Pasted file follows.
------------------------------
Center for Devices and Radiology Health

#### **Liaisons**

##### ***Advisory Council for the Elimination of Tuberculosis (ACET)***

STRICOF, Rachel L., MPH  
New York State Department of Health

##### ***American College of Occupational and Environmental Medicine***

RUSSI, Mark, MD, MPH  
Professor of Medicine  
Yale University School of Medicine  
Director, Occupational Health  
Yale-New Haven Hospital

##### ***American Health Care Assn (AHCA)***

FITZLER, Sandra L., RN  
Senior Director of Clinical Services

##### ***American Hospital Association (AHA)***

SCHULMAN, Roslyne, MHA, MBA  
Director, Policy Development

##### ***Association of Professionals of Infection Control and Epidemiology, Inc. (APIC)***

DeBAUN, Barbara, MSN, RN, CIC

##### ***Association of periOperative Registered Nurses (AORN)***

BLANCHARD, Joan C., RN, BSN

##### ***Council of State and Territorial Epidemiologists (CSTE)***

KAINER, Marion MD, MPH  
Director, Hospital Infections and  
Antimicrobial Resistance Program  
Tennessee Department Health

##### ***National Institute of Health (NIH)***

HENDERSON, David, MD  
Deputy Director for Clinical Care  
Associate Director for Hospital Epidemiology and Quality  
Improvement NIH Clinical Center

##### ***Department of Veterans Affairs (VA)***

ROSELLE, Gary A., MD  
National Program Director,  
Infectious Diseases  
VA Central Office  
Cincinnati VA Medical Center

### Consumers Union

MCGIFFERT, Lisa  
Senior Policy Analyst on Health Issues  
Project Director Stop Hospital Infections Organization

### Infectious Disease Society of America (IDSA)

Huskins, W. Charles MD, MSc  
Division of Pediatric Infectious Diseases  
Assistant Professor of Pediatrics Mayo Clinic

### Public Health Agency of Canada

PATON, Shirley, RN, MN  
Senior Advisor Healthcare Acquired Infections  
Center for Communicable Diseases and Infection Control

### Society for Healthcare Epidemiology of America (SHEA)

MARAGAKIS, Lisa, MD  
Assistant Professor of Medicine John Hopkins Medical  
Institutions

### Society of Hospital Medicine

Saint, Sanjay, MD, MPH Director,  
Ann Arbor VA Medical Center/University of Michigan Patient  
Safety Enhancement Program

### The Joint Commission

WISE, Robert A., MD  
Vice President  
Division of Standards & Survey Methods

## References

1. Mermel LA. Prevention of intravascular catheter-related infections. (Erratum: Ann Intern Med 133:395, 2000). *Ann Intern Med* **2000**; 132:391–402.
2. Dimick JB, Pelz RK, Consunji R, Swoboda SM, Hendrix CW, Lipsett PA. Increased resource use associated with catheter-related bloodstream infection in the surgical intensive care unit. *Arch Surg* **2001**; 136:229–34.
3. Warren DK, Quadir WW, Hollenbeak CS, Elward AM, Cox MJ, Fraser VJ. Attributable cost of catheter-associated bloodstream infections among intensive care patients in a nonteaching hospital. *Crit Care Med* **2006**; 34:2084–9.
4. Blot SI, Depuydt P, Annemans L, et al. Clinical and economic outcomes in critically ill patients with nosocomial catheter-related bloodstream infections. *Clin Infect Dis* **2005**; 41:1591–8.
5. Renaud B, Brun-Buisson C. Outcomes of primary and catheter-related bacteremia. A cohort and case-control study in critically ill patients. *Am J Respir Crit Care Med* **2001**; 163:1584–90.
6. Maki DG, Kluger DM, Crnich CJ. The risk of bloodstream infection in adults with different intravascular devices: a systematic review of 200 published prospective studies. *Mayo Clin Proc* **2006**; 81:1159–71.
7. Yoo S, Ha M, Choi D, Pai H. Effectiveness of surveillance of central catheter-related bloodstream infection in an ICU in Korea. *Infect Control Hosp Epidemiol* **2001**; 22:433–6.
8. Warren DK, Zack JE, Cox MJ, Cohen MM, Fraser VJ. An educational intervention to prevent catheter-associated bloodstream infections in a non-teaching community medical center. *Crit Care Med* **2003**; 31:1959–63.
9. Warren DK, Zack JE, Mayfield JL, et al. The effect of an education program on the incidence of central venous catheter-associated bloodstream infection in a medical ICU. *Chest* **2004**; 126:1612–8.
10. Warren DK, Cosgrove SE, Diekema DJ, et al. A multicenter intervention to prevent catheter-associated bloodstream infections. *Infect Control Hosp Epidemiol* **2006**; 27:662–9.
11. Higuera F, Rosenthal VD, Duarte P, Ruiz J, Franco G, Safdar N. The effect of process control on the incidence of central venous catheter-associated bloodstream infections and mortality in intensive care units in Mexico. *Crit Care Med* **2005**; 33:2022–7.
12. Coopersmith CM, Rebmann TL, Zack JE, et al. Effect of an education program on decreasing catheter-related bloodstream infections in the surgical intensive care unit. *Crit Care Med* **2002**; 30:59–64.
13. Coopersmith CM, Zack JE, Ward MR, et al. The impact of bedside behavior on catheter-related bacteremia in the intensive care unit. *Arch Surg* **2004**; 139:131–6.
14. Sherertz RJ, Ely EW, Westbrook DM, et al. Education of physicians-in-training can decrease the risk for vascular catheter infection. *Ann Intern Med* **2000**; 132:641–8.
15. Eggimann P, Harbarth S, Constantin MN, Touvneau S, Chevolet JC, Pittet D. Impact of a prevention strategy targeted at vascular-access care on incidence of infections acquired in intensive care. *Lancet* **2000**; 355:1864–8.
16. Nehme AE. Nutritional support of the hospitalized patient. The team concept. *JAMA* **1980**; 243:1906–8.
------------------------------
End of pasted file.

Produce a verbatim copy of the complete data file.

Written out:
Center for Devices and Radiology Health

#### **Liaisons**

##### ***Advisory Council for the Elimination of Tuberculosis (ACET)***

STRICOF, Rachel L., MPH  
New York State Department of Health

##### ***American College of Occupational and Environmental Medicine***

RUSSI, Mark, MD, MPH  
Professor of Medicine  
Yale University School of Medicine  
Director, Occupational Health  
Yale-New Haven Hospital

##### ***American Health Care Assn (AHCA)***

FITZLER, Sandra L., RN  
Senior Director of Clinical Services

##### ***American Hospital Association (AHA)***

SCHULMAN, Roslyne, MHA, MBA  
Director, Policy Development

##### ***Association of Professionals of Infection Control and Epidemiology, Inc. (APIC)***

DeBAUN, Barbara, MSN, RN, CIC

##### ***Association of periOperative Registered Nurses (AORN)***

BLANCHARD, Joan C., RN, BSN

##### ***Council of State and Territorial Epidemiologists (CSTE)***

KAINER, Marion MD, MPH  
Director, Hospital Infections and  
Antimicrobial Resistance Program  
Tennessee Department Health

##### ***National Institute of Health (NIH)***

HENDERSON, David, MD  
Deputy Director for Clinical Care  
Associate Director for Hospital Epidemiology and Quality  
Improvement NIH Clinical Center

##### ***Department of Veterans Affairs (VA)***

ROSELLE, Gary A., MD  
National Program Director,  
Infectious Diseases  
VA Central Office  
Cincinnati VA Medical Center

### Consumers Union

MCGIFFERT, Lisa  
Senior Policy Analyst on Health Issues  
Project Director Stop Hospital Infections Organization

### Infectious Disease Society of America (IDSA)

Huskins, W. Charles MD, MSc  
Division of Pediatric Infectious Diseases  
Assistant Professor of Pediatrics Mayo Clinic

### Public Health Agency of Canada

PATON, Shirley, RN, MN  
Senior Advisor Healthcare Acquired Infections  
Center for Communicable Diseases and Infection Control

### Society for Healthcare Epidemiology of America (SHEA)

MARAGAKIS, Lisa, MD  
Assistant Professor of Medicine John Hopkins Medical  
Institutions

### Society of Hospital Medicine

Saint, Sanjay, MD, MPH Director,  
Ann Arbor VA Medical Center/University of Michigan Patient  
Safety Enhancement Program

### The Joint Commission

WISE, Robert A., MD  
Vice President  
Division of Standards & Survey Methods

## References

1. Mermel LA. Prevention of intravascular catheter-related infections. (Erratum: Ann Intern Med 133:395, 2000). *Ann Intern Med* **2000**; 132:391–402.
2. Dimick JB, Pelz RK, Consunji R, Swoboda SM, Hendrix CW, Lipsett PA. Increased resource use associated with catheter-related bloodstream infection in the surgical intensive care unit. *Arch Surg* **2001**; 136:229–34.
3. Warren DK, Quadir WW, Hollenbeak CS, Elward AM, Cox MJ, Fraser VJ. Attributable cost of catheter-associated bloodstream infections among intensive care patients in a nonteaching hospital. *Crit Care Med* **2006**; 34:2084–9.
4. Blot SI, Depuydt P, Annemans L, et al. Clinical and economic outcomes in critically ill patients with nosocomial catheter-related bloodstream infections. *Clin Infect Dis* **2005**; 41:1591–8.
5. Renaud B, Brun-Buisson C. Outcomes of primary and catheter-related bacteremia. A cohort and case-control study in critically ill patients. *Am J Respir Crit Care Med* **2001**; 163:1584–90.
6. Maki DG, Kluger DM, Crnich CJ. The risk of bloodstream infection in adults with different intravascular devices: a systematic review of 200 published prospective studies. *Mayo Clin Proc* **2006**; 81:1159–71.
7. Yoo S, Ha M, Choi D, Pai H. Effectiveness of surveillance of central catheter-related bloodstream infection in an ICU in Korea. *Infect Control Hosp Epidemiol* **2001**; 22:433–6.
8. Warren DK, Zack JE, Cox MJ, Cohen MM, Fraser VJ. An educational intervention to prevent catheter-associated bloodstream infections in a non-teaching community medical center. *Crit Care Med* **2003**; 31:1959–63.
9. Warren DK, Zack JE, Mayfield JL, et al. The effect of an education program on the incidence of central venous catheter-associated bloodstream infection in a medical ICU. *Chest* **2004**; 126:1612–8.
10. Warren DK, Cosgrove SE, Diekema DJ, et al. A multicenter intervention to prevent catheter-associated bloodstream infections. *Infect Control Hosp Epidemiol* **2006**; 27:662–9.
11. Higuera F, Rosenthal VD, Duarte P, Ruiz J, Franco G, Safdar N. The effect of process control on the incidence of central venous catheter-associated bloodstream infections and mortality in intensive care units in Mexico. *Crit Care Med* **2005**; 33:2022–7.
12. Coopersmith CM, Rebmann TL, Zack JE, et al. Effect of an education program on decreasing catheter-related bloodstream infections in the surgical intensive care unit. *Crit Care Med* **2002**; 30:59–64.
13. Coopersmith CM, Zack JE, Ward MR, et al. The impact of bedside behavior on catheter-related bacteremia in the intensive care unit. *Arch Surg* **2004**; 139:131–6.
14. Sherertz RJ, Ely EW, Westbrook DM, et al. Education of physicians-in-training can decrease the risk for vascular catheter infection. *Ann Intern Med* **2000**; 132:641–8.
15. Eggimann P, Harbarth S, Constantin MN, Touvneau S, Chevolet JC, Pittet D. Impact of a prevention strategy targeted at vascular-access care on incidence of infections acquired in intensive care. *Lancet* **2000**; 355:1864–8.
16. Nehme AE. Nutritional support of the hospitalized patient. The team concept. *JAMA* **1980**; 243:1906–8.